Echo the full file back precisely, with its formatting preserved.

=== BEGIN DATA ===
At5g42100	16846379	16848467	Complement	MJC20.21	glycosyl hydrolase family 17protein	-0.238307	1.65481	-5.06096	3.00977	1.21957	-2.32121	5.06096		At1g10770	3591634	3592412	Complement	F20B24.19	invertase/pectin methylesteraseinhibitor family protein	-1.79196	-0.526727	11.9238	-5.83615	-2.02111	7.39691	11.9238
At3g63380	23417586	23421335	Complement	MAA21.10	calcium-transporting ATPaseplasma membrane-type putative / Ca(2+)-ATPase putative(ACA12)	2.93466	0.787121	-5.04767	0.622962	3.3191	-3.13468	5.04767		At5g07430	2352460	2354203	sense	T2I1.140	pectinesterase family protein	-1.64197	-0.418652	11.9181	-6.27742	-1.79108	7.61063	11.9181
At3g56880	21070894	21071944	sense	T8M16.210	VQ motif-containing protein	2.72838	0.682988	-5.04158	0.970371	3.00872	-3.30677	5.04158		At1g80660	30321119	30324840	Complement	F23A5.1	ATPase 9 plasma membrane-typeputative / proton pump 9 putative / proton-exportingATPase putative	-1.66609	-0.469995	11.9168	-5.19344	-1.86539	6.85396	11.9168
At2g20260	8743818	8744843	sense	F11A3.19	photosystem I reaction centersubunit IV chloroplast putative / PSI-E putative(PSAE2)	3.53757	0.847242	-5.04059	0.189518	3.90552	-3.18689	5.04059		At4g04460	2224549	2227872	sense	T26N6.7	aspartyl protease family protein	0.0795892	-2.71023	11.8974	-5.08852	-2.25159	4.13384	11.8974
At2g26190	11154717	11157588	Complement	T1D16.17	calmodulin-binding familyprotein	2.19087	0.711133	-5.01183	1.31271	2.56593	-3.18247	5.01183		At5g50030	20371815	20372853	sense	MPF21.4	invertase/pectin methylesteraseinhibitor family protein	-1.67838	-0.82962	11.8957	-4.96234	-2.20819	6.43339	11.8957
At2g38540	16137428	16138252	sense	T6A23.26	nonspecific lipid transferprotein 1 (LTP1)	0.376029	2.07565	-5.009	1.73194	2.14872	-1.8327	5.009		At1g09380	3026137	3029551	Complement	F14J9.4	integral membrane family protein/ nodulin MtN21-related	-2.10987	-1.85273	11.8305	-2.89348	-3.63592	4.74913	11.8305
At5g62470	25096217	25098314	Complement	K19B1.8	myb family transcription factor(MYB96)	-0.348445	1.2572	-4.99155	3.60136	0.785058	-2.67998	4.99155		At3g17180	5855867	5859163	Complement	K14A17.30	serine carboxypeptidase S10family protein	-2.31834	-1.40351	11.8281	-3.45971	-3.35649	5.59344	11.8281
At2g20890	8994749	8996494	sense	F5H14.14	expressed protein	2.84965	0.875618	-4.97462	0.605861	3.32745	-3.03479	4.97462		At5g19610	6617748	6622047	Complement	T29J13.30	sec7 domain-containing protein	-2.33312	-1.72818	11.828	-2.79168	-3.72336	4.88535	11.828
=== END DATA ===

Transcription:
At5g42100	16846379	16848467	Complement	MJC20.21	glycosyl hydrolase family 17protein	-0.238307	1.65481	-5.06096	3.00977	1.21957	-2.32121	5.06096		At1g10770	3591634	3592412	Complement	F20B24.19	invertase/pectin methylesteraseinhibitor family protein	-1.79196	-0.526727	11.9238	-5.83615	-2.02111	7.39691	11.9238
At3g63380	23417586	23421335	Complement	MAA21.10	calcium-transporting ATPaseplasma membrane-type putative / Ca(2+)-ATPase putative(ACA12)	2.93466	0.787121	-5.04767	0.622962	3.3191	-3.13468	5.04767		At5g07430	2352460	2354203	sense	T2I1.140	pectinesterase family protein	-1.64197	-0.418652	11.9181	-6.27742	-1.79108	7.61063	11.9181
At3g56880	21070894	21071944	sense	T8M16.210	VQ motif-containing protein	2.72838	0.682988	-5.04158	0.970371	3.00872	-3.30677	5.04158		At1g80660	30321119	30324840	Complement	F23A5.1	ATPase 9 plasma membrane-typeputative / proton pump 9 putative / proton-exportingATPase putative	-1.66609	-0.469995	11.9168	-5.19344	-1.86539	6.85396	11.9168
At2g20260	8743818	8744843	sense	F11A3.19	photosystem I reaction centersubunit IV chloroplast putative / PSI-E putative(PSAE2)	3.53757	0.847242	-5.04059	0.189518	3.90552	-3.18689	5.04059		At4g04460	2224549	2227872	sense	T26N6.7	aspartyl protease family protein	0.0795892	-2.71023	11.8974	-5.08852	-2.25159	4.13384	11.8974
At2g26190	11154717	11157588	Complement	T1D16.17	calmodulin-binding familyprotein	2.19087	0.711133	-5.01183	1.31271	2.56593	-3.18247	5.01183		At5g50030	20371815	20372853	sense	MPF21.4	invertase/pectin methylesteraseinhibitor family protein	-1.67838	-0.82962	11.8957	-4.96234	-2.20819	6.43339	11.8957
At2g38540	16137428	16138252	sense	T6A23.26	nonspecific lipid transferprotein 1 (LTP1)	0.376029	2.07565	-5.009	1.73194	2.14872	-1.8327	5.009		At1g09380	3026137	3029551	Complement	F14J9.4	integral membrane family protein/ nodulin MtN21-related	-2.10987	-1.85273	11.8305	-2.89348	-3.63592	4.74913	11.8305
At5g62470	25096217	25098314	Complement	K19B1.8	myb family transcription factor(MYB96)	-0.348445	1.2572	-4.99155	3.60136	0.785058	-2.67998	4.99155		At3g17180	5855867	5859163	Complement	K14A17.30	serine carboxypeptidase S10family protein	-2.31834	-1.40351	11.8281	-3.45971	-3.35649	5.59344	11.8281
At2g20890	8994749	8996494	sense	F5H14.14	expressed protein	2.84965	0.875618	-4.97462	0.605861	3.32745	-3.03479	4.97462		At5g19610	6617748	6622047	Complement	T29J13.30	sec7 domain-containing protein	-2.33312	-1.72818	11.828	-2.79168	-3.72336	4.88535	11.828